With the country still basking in the glory of the performance of its Olympic athletes, UK telcos are hoping the feel good factor will leave them with a legacy of their own.
The first signs are good.
Networks seemed to cope well, with no major reported outages on the mobile side or QoE issues on the fixed side.
As European Communications reported in July following O2’s outage, there were fears about how robust the UK’s mobile infrastructure would be.
However, Ovum analyst Emeka Obiodu said the absence of any real telco-related news during the two-week event proved operators had got it right.
“it was a case of no news is good news; the doom and gloom prior to the Olympics masked very robust preparation,” he said.
Mervyn Kelly, EMEA marketing director at network vendor Ciena, added that London 2012 had been “a huge success” from a telco perspective.
Unsurprisingly, BT – the official Communications Services Partner for the games – was very upbeat.
Howard Dickel, director of BT’s London 2012 Delivery Programme, said all of their services were performing “very well”.
“We’re seeing the value of our planning, testing and microscopic attention to detail,” he added.
So what did they see exactly?
Daily video traffic over BT’s retail broadband network increased on average by 19 percent compared to normal usage figures.
Dickel said the operator had managed “ some huge spikes in traffic”, led by Andy Murray’s victory over Roger Federer in the men’s tennis finals on 5 August.
BT’s “biggest day” was the 29 July – the day Team GB won the first of its 65 medals – when traffic on its UK retail broadband network hit an all-time high – a 23 percent increase on normal.
The BT-hosted official website, London2012.com, became the most popular sports website in the world during the Games with 1.2 PetaBytes of data being transferred at a peak of rate of 22.8 Gbps.
The entire Olympic network, which connected 94 locations, carried 961 Terra Bytes of information, according to BT stats.
On the mobile side, BT’s WiFi services saw a total of 13.2 million minutes (220,000 hours) of usage across the Olympic Park venues.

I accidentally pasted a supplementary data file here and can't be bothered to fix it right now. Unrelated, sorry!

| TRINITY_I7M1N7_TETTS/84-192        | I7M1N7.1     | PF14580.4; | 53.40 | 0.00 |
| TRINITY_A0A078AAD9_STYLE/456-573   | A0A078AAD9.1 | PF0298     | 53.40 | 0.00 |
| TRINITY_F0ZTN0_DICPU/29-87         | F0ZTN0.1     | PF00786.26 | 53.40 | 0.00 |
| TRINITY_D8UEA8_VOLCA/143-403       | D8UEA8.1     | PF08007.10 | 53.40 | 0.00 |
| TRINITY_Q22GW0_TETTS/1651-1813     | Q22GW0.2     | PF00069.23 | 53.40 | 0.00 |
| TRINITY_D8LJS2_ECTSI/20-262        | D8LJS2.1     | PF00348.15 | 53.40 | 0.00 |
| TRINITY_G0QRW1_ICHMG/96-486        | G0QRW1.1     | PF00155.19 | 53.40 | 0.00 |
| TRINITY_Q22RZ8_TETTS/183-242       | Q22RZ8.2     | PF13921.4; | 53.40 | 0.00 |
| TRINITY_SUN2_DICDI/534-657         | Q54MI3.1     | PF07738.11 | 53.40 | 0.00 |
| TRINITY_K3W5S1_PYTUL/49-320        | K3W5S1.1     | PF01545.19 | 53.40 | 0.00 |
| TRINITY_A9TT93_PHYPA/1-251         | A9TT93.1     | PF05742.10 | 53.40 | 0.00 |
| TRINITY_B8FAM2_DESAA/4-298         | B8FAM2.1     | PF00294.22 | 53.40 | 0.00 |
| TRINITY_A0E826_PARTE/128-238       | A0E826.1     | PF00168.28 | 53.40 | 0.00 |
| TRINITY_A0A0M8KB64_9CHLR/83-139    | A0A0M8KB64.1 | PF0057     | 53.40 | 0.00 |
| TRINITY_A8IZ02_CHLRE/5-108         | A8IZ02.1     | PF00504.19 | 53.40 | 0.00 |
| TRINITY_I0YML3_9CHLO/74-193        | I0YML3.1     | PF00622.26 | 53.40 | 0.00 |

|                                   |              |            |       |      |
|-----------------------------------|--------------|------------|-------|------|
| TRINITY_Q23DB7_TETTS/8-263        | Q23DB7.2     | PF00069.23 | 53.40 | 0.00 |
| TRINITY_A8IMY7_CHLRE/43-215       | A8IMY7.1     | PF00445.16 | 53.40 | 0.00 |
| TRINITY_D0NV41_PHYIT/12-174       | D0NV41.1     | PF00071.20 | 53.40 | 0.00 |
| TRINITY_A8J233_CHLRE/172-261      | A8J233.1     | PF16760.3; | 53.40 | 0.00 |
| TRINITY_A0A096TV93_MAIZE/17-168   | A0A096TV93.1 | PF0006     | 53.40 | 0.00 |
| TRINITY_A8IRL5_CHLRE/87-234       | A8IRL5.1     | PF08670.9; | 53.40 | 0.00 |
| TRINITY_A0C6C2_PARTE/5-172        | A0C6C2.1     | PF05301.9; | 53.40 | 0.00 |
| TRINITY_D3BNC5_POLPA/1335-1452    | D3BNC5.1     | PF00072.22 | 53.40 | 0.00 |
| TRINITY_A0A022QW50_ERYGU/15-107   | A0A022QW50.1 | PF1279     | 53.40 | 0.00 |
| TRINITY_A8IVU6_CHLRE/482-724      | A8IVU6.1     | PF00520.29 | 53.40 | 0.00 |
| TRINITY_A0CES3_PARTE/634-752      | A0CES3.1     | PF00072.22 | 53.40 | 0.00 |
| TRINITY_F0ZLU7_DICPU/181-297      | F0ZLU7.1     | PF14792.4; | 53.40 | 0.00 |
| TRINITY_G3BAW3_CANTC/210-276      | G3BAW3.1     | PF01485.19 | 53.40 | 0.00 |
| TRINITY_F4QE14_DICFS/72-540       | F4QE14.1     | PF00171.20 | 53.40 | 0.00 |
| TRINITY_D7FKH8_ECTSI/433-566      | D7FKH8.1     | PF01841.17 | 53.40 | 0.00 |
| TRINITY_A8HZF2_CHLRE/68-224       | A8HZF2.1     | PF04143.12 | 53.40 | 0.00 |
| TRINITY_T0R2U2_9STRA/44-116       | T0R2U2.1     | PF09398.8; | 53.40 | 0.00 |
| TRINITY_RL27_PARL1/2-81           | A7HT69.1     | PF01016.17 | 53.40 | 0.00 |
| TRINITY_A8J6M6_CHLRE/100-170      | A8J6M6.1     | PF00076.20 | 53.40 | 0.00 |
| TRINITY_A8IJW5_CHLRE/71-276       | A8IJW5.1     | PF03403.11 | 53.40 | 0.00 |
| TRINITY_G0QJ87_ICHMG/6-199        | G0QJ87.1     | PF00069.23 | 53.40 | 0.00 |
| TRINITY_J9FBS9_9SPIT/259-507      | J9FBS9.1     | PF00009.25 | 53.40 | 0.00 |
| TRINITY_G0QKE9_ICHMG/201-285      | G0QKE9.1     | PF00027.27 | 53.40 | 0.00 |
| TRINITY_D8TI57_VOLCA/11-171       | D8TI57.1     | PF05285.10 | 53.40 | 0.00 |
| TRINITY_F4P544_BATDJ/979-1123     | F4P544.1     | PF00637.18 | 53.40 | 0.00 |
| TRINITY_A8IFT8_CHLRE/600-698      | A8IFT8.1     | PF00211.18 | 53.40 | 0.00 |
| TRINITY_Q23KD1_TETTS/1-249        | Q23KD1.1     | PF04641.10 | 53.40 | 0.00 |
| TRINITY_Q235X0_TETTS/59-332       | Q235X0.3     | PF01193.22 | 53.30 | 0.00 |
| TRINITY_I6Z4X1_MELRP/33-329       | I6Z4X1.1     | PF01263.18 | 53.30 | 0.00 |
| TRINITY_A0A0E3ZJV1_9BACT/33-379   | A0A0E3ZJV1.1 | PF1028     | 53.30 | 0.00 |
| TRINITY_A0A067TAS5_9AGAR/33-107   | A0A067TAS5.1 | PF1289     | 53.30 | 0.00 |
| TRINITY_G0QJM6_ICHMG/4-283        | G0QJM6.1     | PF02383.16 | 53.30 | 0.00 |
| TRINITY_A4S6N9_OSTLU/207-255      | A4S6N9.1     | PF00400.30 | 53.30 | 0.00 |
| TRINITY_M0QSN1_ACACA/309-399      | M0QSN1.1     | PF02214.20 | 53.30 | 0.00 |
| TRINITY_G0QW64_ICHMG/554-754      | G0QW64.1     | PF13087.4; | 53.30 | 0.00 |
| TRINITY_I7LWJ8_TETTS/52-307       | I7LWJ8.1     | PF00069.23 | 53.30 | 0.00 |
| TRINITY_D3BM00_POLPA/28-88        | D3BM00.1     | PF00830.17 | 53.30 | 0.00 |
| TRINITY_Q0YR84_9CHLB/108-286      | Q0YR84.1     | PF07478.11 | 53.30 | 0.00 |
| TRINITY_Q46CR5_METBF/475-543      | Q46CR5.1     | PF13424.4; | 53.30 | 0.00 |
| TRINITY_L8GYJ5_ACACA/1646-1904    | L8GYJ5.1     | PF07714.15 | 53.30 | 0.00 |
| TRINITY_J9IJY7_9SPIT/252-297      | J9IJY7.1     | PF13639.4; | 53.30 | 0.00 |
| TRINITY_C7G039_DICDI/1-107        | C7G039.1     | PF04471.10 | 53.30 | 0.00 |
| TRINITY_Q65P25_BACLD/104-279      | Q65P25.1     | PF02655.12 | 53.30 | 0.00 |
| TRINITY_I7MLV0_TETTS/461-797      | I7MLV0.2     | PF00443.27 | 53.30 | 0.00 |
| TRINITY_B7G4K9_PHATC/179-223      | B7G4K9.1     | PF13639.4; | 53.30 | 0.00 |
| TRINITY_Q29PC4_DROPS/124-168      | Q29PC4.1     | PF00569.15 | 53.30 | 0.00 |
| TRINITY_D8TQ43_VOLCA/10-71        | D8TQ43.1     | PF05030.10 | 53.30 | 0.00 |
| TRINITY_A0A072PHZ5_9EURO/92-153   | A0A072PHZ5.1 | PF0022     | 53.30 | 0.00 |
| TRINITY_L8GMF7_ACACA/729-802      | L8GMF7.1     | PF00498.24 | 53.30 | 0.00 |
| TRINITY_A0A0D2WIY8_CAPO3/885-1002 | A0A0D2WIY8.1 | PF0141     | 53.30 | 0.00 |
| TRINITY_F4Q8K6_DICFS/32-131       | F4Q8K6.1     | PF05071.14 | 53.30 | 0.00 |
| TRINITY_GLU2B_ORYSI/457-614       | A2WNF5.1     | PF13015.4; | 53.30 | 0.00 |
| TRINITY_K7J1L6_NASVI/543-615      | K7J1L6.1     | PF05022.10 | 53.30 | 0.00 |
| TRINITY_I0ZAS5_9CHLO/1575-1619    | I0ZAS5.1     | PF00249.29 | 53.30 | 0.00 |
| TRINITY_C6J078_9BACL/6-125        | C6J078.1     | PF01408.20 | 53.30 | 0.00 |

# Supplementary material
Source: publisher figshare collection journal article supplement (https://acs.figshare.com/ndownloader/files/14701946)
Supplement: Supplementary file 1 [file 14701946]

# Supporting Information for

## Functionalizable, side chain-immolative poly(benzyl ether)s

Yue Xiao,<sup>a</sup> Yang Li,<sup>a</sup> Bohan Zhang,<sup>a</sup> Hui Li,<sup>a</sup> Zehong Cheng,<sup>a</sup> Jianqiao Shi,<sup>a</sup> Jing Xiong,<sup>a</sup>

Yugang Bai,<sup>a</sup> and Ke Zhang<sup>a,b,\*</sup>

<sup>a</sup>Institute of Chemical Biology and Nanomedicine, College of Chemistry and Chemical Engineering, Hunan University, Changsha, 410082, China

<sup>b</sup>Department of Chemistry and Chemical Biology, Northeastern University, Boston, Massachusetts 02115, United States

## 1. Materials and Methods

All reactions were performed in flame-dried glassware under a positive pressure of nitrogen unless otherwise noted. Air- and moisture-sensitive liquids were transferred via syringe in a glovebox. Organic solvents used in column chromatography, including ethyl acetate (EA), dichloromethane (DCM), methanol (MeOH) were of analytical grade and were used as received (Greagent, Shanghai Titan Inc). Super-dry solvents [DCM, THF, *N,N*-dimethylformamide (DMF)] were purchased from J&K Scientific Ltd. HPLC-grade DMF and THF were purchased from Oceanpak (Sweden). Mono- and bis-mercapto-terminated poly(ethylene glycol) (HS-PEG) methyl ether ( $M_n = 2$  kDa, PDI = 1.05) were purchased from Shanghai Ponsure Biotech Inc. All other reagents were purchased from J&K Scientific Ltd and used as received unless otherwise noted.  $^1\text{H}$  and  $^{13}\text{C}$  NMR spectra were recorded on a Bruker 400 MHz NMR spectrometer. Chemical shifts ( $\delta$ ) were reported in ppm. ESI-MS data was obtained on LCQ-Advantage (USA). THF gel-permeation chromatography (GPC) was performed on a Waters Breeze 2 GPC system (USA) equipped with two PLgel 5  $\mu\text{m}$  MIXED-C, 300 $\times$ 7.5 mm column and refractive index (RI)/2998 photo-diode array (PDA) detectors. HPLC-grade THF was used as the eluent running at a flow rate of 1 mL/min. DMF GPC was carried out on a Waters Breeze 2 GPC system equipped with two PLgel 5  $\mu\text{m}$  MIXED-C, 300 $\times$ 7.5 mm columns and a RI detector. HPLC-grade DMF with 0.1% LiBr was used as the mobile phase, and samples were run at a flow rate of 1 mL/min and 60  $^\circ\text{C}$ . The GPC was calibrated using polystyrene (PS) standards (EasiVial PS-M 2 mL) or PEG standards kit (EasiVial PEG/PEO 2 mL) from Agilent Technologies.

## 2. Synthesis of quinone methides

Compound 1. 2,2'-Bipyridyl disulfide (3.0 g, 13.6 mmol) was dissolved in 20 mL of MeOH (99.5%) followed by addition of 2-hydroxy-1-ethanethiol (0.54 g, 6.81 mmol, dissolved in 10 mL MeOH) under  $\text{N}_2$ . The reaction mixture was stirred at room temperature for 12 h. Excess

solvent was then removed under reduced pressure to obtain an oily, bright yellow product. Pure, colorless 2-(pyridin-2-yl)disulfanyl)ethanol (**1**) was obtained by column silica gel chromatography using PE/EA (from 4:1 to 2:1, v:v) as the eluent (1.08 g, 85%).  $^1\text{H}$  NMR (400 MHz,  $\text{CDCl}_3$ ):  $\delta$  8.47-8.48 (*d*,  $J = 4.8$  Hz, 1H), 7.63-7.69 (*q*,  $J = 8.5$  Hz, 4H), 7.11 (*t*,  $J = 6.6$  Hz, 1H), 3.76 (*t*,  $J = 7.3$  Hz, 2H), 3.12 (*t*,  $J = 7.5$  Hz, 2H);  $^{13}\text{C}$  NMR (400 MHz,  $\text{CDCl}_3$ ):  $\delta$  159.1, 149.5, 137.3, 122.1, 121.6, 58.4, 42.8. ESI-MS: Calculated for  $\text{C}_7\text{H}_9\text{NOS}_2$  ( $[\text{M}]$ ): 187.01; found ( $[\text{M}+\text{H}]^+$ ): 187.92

US-based vendor Tektronix Communications, meanwhile, worked with a number of mobile operators to monitor the QoE of inbound roamers – principally athletes, their families, coaching staff and other officials – coming onto the network.
President and CEO Lyn Cantor told European Communications that safeguards were installed to address fluctuations and peaks on the network, with alarms being triggered if there was any indication that users were experiencing difficulties such as dropped calls or jitter and latency disrupting video.
However, given the networks performed so well, major intervention was not needed.
Instead, operators will be analyzing the data collected and thinking about ways they can use it going forward, according to Cantor.
“Think what an operator could achieve if it had visibility of younger demographics that are receptive to promotional messages,” he said.
“If the operator had real-time visibility of those subscribers it could broker anonymous data with third party organisations, such as sports or soft drinks brands, to target those customers with targeted promotions based on location and relevance.”
Ovum’s Obiodu said UK operators should benefit from their experiences in other ways too.
“They have learnt how to run networks at peak capacity, how they should be provisioned and they can be fine tuned for optimum performance during the first full time social media Olympics,” he said.
“They have also learnt what people want and how they use technology, while the project management skills they have used to deliver this are invaluable.”
Ten days ago, Procera Networks outlined further lessons operators could learn following the first week of activity.
For Ciena’s Kelly, a few specific trends have emerged.
“First we are starting to see the ‘online all the time’ prophecy come true. Second we are seeing a further move to ‘real time’ as evidenced by athletes tweeting immediately after their races.
“Third, London was the first time HD video was all encompassing with people starting to try 3D, but in Rio 3D is likely to be the major technology.”
One casualty of all this could be all-you-can-eat data tariffs.
“These are unsustainable as video and smartphone increase in popularity,” said Kelly.
Nevertheless, Cantor concluded that operators should reap the benefits of London 2012.
“Insights based on the sheer volume of activity going through the pipes can provide operators with the critical insight they need to drive innovations in service quality, and customer experience management, for many years to come,” he said.
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